For starters, the slasher film bits don't work because the victims are not even a part of the damn story. They're side characters, only introduced a scene or two before they're murdered. Despite knowing every single victim, Lisa doesn't seem to really acknowledge their deaths, let alone the fact that she's clearly swimming in the “possible victim” pool. Much of the on-screen time between Lisa and Jeff is spent on their relationship issues, not the fact that someone is bumping off their friends with alarming speed. No real effort is made to uncover the killer's identity, let alone avoid the killer altogether.

The slasher and Euro-thriller angles might have fared better had this film been made in the very early 80s, but FATAL PULSE hit video store shelves in 1988. The film feels horribly dated (and not just because everyone has massive hair, and the soundtrack is non-stop synth rock and hair metal). All of the problems this film suffers from were solved six or seven years before it ever saw its first day of production. Slasher films quickly learned how to squeeze blood from a stone to make the absolute most of the reductive narratives their tiny budgets would allow. Look at FATAL PULSE with its love triangle and slasher running amok, and think about just how well MY BLOODY VALENTINE played those same cards. Think about how many fantastic gialli used Hitchcockian tricks to play their well crafted games of cat and mouse. FATAL PULSE feels like a film made in the earliest days of both the slasher film and the giallo. It feels like the kind of film we would have seen before folks like Carpenter and Argento came along.

And speaking of the Hitchcockian thriller angle, FATAL PULSE drops the ball here as well. Jeff is only targeted by the cops late in the film. The only piece of evidence that would suggest Jeff, a model student with no criminal past, is the killer would be the fact that he was the last person to see hot blonde alive. That's literally all the cops have on him, but in this films universe, that's enough to warrant them chasing Jeff through the streets like the angry mob chasing down Frankenstein's Monster. But what is the real reason the cops are after Jeff in the first place? Well, it's because Brad, the pudgy dickhead with the Robert Smith hairdo, wants Lisa back and is therefore willing to frame Jeff for the murders.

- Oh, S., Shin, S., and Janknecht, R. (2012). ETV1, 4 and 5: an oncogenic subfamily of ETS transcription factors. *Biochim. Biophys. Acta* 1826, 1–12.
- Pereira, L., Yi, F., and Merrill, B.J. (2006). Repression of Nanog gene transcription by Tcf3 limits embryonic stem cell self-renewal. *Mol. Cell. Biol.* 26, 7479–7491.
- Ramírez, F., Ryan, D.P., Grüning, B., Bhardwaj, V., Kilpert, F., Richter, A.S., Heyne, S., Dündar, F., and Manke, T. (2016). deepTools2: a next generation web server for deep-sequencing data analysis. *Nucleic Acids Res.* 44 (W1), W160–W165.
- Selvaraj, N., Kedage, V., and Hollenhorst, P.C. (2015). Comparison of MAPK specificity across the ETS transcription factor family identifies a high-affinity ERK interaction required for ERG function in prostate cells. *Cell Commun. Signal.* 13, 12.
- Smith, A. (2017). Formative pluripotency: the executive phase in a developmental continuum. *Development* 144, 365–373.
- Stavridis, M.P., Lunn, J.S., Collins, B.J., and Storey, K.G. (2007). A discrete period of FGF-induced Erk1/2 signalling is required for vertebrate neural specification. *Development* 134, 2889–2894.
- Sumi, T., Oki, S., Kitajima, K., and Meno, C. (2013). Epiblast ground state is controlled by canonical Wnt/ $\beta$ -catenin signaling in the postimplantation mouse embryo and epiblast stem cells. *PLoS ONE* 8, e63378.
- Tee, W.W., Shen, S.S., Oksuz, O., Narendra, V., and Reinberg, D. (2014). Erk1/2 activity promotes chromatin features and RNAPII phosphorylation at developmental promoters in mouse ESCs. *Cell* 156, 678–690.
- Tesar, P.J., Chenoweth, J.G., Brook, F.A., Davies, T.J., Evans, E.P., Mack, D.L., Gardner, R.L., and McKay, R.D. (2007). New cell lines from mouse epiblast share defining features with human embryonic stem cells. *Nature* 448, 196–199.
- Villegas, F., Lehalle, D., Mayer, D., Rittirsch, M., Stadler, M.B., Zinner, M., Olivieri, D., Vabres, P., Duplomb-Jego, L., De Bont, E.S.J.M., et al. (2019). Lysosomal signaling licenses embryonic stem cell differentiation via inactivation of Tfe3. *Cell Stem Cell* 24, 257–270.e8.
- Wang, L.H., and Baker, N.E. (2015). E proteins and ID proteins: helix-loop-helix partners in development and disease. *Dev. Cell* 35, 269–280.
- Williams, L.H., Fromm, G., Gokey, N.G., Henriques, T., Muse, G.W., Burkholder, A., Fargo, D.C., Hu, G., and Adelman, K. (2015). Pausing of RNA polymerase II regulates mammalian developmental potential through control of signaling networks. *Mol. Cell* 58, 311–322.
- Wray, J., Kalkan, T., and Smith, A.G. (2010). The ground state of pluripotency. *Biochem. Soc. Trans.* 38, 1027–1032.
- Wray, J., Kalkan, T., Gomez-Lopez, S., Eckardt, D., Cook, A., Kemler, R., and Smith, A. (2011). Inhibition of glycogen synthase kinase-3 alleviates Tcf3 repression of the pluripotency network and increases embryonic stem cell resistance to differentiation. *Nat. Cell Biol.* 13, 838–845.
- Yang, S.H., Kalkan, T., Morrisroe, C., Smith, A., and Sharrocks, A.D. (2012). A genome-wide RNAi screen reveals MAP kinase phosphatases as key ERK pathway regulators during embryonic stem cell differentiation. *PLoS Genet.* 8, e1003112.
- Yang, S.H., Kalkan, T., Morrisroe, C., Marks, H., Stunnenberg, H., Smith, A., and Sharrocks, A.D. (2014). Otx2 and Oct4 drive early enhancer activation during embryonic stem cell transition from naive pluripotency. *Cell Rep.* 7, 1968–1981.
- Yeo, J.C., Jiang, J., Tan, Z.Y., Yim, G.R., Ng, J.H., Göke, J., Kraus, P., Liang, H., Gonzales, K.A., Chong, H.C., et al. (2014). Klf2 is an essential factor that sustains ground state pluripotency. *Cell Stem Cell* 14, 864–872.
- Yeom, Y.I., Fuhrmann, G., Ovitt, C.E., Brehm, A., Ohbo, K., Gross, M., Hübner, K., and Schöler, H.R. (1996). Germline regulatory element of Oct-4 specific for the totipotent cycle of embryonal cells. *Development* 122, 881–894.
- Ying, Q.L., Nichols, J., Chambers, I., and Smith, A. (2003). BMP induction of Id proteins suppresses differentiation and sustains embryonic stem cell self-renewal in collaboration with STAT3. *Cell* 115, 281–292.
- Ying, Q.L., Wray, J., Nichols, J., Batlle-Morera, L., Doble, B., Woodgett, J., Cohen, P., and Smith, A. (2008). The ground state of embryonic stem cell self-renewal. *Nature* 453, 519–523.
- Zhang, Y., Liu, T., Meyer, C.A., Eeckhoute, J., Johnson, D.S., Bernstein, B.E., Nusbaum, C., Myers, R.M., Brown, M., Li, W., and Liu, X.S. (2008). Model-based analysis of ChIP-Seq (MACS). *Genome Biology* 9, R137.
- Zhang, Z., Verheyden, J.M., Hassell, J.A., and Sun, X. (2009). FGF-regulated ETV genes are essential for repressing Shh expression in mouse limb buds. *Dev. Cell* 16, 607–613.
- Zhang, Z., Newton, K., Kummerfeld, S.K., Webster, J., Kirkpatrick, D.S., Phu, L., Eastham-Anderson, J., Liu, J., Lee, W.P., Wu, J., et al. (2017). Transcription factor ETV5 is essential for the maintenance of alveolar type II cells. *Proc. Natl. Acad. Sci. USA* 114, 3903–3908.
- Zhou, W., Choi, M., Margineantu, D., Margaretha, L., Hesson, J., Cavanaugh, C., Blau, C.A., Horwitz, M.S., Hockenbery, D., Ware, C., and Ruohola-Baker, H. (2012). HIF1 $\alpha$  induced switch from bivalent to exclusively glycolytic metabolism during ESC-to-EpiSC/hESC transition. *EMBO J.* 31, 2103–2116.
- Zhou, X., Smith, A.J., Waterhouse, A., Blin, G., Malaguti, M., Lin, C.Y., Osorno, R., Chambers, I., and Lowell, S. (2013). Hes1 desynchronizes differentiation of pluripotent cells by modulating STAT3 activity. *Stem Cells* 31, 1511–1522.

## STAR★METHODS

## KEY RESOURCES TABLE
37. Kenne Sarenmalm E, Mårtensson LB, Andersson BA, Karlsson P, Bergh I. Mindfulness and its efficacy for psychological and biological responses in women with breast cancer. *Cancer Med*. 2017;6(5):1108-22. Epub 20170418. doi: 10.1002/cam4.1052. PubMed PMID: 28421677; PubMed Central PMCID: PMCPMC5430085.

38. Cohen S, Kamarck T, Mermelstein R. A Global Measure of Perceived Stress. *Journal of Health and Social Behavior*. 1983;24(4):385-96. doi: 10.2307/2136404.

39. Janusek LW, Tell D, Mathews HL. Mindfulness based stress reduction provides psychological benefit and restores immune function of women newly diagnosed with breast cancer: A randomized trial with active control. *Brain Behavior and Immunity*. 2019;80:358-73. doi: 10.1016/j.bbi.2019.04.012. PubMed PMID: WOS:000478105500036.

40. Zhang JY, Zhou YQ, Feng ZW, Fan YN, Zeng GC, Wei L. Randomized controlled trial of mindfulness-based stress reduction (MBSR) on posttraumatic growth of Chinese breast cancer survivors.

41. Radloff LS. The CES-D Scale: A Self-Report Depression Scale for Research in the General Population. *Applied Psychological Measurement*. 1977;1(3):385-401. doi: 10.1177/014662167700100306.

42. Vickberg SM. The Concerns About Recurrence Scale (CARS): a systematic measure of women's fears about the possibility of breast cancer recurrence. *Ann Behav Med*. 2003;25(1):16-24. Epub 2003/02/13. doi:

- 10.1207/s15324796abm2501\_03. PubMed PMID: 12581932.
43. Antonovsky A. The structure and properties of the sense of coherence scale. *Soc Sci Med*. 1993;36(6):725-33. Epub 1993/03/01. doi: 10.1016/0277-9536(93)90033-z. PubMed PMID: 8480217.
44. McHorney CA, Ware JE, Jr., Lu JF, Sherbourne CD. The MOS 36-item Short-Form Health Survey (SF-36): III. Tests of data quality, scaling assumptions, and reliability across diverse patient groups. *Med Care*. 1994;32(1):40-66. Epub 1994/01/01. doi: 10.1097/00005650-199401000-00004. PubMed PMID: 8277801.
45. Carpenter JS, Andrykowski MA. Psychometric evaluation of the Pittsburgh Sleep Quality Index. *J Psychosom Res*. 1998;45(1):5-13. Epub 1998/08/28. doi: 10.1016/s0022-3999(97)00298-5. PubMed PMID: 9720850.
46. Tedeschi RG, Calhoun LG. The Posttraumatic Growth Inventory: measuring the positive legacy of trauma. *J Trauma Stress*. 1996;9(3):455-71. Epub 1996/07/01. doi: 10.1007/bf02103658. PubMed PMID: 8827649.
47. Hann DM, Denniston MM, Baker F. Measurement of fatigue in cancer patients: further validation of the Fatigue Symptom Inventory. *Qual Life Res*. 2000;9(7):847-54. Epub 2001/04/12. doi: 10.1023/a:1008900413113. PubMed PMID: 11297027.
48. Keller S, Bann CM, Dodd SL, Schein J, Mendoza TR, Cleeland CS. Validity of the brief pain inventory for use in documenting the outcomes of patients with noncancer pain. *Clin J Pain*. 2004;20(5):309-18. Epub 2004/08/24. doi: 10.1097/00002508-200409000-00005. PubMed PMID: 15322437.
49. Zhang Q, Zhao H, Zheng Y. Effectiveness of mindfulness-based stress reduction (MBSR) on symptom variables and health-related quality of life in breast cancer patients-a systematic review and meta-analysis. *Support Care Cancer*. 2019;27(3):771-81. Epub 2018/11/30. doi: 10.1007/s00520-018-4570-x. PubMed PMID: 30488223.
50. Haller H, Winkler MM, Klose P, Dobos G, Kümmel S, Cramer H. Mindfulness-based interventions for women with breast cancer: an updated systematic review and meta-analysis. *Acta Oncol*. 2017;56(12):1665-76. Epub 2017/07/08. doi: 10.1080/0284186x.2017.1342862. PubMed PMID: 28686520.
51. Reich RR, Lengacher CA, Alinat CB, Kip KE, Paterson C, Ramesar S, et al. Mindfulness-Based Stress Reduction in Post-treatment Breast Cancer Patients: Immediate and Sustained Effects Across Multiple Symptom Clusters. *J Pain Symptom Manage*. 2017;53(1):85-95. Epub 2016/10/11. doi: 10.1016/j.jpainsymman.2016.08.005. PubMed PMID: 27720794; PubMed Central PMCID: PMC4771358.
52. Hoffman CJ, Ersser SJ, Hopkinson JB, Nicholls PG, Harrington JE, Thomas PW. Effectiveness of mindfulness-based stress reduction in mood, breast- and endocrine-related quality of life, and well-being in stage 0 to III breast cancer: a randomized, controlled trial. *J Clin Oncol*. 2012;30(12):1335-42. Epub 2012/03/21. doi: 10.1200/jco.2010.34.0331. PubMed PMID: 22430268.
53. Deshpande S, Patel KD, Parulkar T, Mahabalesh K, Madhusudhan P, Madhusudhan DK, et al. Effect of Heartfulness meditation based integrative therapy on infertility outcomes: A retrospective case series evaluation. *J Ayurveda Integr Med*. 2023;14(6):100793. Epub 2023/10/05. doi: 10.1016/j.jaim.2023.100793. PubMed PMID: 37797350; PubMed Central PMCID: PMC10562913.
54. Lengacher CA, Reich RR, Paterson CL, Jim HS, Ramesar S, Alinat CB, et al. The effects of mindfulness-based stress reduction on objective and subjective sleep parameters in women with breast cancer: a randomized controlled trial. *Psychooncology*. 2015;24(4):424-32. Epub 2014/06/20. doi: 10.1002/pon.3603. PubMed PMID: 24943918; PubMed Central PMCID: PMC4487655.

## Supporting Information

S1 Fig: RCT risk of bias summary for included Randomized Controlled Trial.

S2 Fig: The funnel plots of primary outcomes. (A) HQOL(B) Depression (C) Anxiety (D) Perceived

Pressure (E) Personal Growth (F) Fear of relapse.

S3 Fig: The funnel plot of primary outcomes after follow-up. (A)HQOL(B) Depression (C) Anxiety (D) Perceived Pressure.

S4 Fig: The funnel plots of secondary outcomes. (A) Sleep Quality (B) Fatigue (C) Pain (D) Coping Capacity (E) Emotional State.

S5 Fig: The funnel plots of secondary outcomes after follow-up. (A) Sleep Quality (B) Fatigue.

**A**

See, that's an interesting bit of narrative right there. Why not have Brad be the killer? Why not have Brad slicing and dicing girls (and even slashing one girl's neck open with a vinyl record) in some twisted play for Lisa's heart? That would make so much more sense and be way more satisfying than the explanation we actually get for the murders, something to do with a man using an experimental treatment to cure his terminal illness, a treatment which unfortunately gives rise to misogynistic, homicidal rage. But no, the film only plays this card so we can have a chase scene and a fist fight. The Hitchcockian angle is never given much room to grow. It's pretty much dead on arrival anyway.

And that's because there really isn't a pulse to be found in FATAL PULSE. At 90 minutes, it feels terminal, chock full of every tired cliché in the book. The only time the film manages to be entertaining is when it focuses on characters that feel like they've wandered in from some other slasher movie going on just down the street. Joe Estevez's crazy Vietnam vet and Herschel Savage's frothing police detective are both wonderfully sketched characters, all bug eyes and histrionics. They're great, just total joys to watch. Shame then that everyone else, all the characters that actually matter, are such personality vacuums. Maybe if the characters seemed at all interested or worried or scared or even just annoyed at the horror going on around them, the film would have been mildly amusing. It simply isn't, primarily because the film can't do a single damn thing right. It emphasizes the unimportant, lavishing attention on personal, petty drama rather than the emergent drama of its slasher narrative. It's a paint by numbers affair, the kind of film done a thousand times before. Problem is, FATAL PULSE lacks even the most basic discipline. It can't even seem to match the right damn paint to the right damn number.